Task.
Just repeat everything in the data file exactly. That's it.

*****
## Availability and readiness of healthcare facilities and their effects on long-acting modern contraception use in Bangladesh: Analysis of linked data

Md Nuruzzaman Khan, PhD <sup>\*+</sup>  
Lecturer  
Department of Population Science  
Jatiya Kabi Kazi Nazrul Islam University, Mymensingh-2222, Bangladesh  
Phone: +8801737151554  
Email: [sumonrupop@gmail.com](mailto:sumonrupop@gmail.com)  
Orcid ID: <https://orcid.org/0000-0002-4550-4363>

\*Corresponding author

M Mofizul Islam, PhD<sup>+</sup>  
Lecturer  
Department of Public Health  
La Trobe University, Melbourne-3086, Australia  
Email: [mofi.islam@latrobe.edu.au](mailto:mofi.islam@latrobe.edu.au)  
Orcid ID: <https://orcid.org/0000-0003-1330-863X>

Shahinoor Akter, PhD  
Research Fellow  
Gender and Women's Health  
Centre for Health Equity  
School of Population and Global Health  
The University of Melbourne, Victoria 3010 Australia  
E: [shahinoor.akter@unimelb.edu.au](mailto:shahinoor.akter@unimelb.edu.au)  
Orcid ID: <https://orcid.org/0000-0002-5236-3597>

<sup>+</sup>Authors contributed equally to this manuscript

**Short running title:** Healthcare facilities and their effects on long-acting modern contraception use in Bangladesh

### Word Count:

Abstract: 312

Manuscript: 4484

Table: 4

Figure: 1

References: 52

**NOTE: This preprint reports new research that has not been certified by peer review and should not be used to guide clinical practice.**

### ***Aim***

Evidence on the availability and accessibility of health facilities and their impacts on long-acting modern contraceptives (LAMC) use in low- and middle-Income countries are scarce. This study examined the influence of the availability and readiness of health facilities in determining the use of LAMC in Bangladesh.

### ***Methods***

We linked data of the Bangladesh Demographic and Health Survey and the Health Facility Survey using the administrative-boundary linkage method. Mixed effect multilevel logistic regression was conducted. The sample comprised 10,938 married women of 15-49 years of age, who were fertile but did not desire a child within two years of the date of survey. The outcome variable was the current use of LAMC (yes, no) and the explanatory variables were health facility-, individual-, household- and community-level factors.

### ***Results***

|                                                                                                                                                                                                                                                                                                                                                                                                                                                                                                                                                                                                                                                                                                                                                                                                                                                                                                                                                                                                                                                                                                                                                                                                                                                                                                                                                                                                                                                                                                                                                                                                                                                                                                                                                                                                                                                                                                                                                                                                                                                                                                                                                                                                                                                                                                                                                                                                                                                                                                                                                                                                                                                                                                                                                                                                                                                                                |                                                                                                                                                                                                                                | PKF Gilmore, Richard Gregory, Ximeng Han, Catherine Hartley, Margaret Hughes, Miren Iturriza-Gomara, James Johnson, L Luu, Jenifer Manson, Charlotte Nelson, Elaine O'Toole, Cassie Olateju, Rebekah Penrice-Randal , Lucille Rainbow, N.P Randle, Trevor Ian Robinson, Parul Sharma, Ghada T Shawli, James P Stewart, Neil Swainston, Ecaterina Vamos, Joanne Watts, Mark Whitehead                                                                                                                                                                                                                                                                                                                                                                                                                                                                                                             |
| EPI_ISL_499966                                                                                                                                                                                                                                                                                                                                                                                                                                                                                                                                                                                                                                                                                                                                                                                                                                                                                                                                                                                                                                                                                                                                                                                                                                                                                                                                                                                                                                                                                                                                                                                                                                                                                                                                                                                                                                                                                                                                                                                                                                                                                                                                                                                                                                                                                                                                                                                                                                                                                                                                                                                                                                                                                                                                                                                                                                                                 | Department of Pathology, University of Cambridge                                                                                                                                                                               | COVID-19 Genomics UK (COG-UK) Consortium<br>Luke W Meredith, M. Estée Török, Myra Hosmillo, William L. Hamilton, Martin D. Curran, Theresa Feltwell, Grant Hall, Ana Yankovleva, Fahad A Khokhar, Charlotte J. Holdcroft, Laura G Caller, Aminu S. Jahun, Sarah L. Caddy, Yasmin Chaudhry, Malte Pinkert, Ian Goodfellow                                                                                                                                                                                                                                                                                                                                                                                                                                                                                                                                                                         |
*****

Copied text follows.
## Availability and readiness of healthcare facilities and their effects on long-acting modern contraception use in Bangladesh: Analysis of linked data

Md Nuruzzaman Khan, PhD <sup>\*+</sup>  
Lecturer  
Department of Population Science  
Jatiya Kabi Kazi Nazrul Islam University, Mymensingh-2222, Bangladesh  
Phone: +8801737151554  
Email: [sumonrupop@gmail.com](mailto:sumonrupop@gmail.com)  
Orcid ID: <https://orcid.org/0000-0002-4550-4363>

\*Corresponding author

M Mofizul Islam, PhD<sup>+</sup>  
Lecturer  
Department of Public Health  
La Trobe University, Melbourne-3086, Australia  
Email: [mofi.islam@latrobe.edu.au](mailto:mofi.islam@latrobe.edu.au)  
Orcid ID: <https://orcid.org/0000-0003-1330-863X>

Shahinoor Akter, PhD  
Research Fellow  
Gender and Women's Health  
Centre for Health Equity  
School of Population and Global Health  
The University of Melbourne, Victoria 3010 Australia  
E: [shahinoor.akter@unimelb.edu.au](mailto:shahinoor.akter@unimelb.edu.au)  
Orcid ID: <https://orcid.org/0000-0002-5236-3597>

<sup>+</sup>Authors contributed equally to this manuscript

**Short running title:** Healthcare facilities and their effects on long-acting modern contraception use in Bangladesh

### Word Count:

Abstract: 312

Manuscript: 4484

Table: 4

Figure: 1

References: 52

**NOTE: This preprint reports new research that has not been certified by peer review and should not be used to guide clinical practice.**

### ***Aim***

Evidence on the availability and accessibility of health facilities and their impacts on long-acting modern contraceptives (LAMC) use in low- and middle-Income countries are scarce. This study examined the influence of the availability and readiness of health facilities in determining the use of LAMC in Bangladesh.

### ***Methods***

We linked data of the Bangladesh Demographic and Health Survey and the Health Facility Survey using the administrative-boundary linkage method. Mixed effect multilevel logistic regression was conducted. The sample comprised 10,938 married women of 15-49 years of age, who were fertile but did not desire a child within two years of the date of survey. The outcome variable was the current use of LAMC (yes, no) and the explanatory variables were health facility-, individual-, household- and community-level factors.

### ***Results***

|                                                                                                                                                                                                                                                                                                                                                                                                                                                                                                                                                                                                                                                                                                                                                                                                                                                                                                                                                                                                                                                                                                                                                                                                                                                                                                                                                                                                                                                                                                                                                                                                                                                                                                                                                                                                                                                                                                                                                                                                                                                                                                                                                                                                                                                                                                                                                                                                                                                                                                                                                                                                                                                                                                                                                                                                                                                                                |                                                                                                                                                                                                                                | PKF Gilmore, Richard Gregory, Ximeng Han, Catherine Hartley, Margaret Hughes, Miren Iturriza-Gomara, James Johnson, L Luu, Jenifer Manson, Charlotte Nelson, Elaine O'Toole, Cassie Olateju, Rebekah Penrice-Randal , Lucille Rainbow, N.P Randle, Trevor Ian Robinson, Parul Sharma, Ghada T Shawli, James P Stewart, Neil Swainston, Ecaterina Vamos, Joanne Watts, Mark Whitehead                                                                                                                                                                                                                                                                                                                                                                                                                                                                                                             |
| EPI_ISL_499966                                                                                                                                                                                                                                                                                                                                                                                                                                                                                                                                                                                                                                                                                                                                                                                                                                                                                                                                                                                                                                                                                                                                                                                                                                                                                                                                                                                                                                                                                                                                                                                                                                                                                                                                                                                                                                                                                                                                                                                                                                                                                                                                                                                                                                                                                                                                                                                                                                                                                                                                                                                                                                                                                                                                                                                                                                                                 | Department of Pathology, University of Cambridge                                                                                                                                                                               | COVID-19 Genomics UK (COG-UK) Consortium<br>Luke W Meredith, M. Estée Török, Myra Hosmillo, William L. Hamilton, Martin D. Curran, Theresa Feltwell, Grant Hall, Ana Yankovleva, Fahad A Khokhar, Charlotte J. Holdcroft, Laura G Caller, Aminu S. Jahun, Sarah L. Caddy, Yasmin Chaudhry, Malte Pinkert, Ian Goodfellow                                                                                                                                                                                                                                                                                                                                                                                                                                                                                                                                                                         |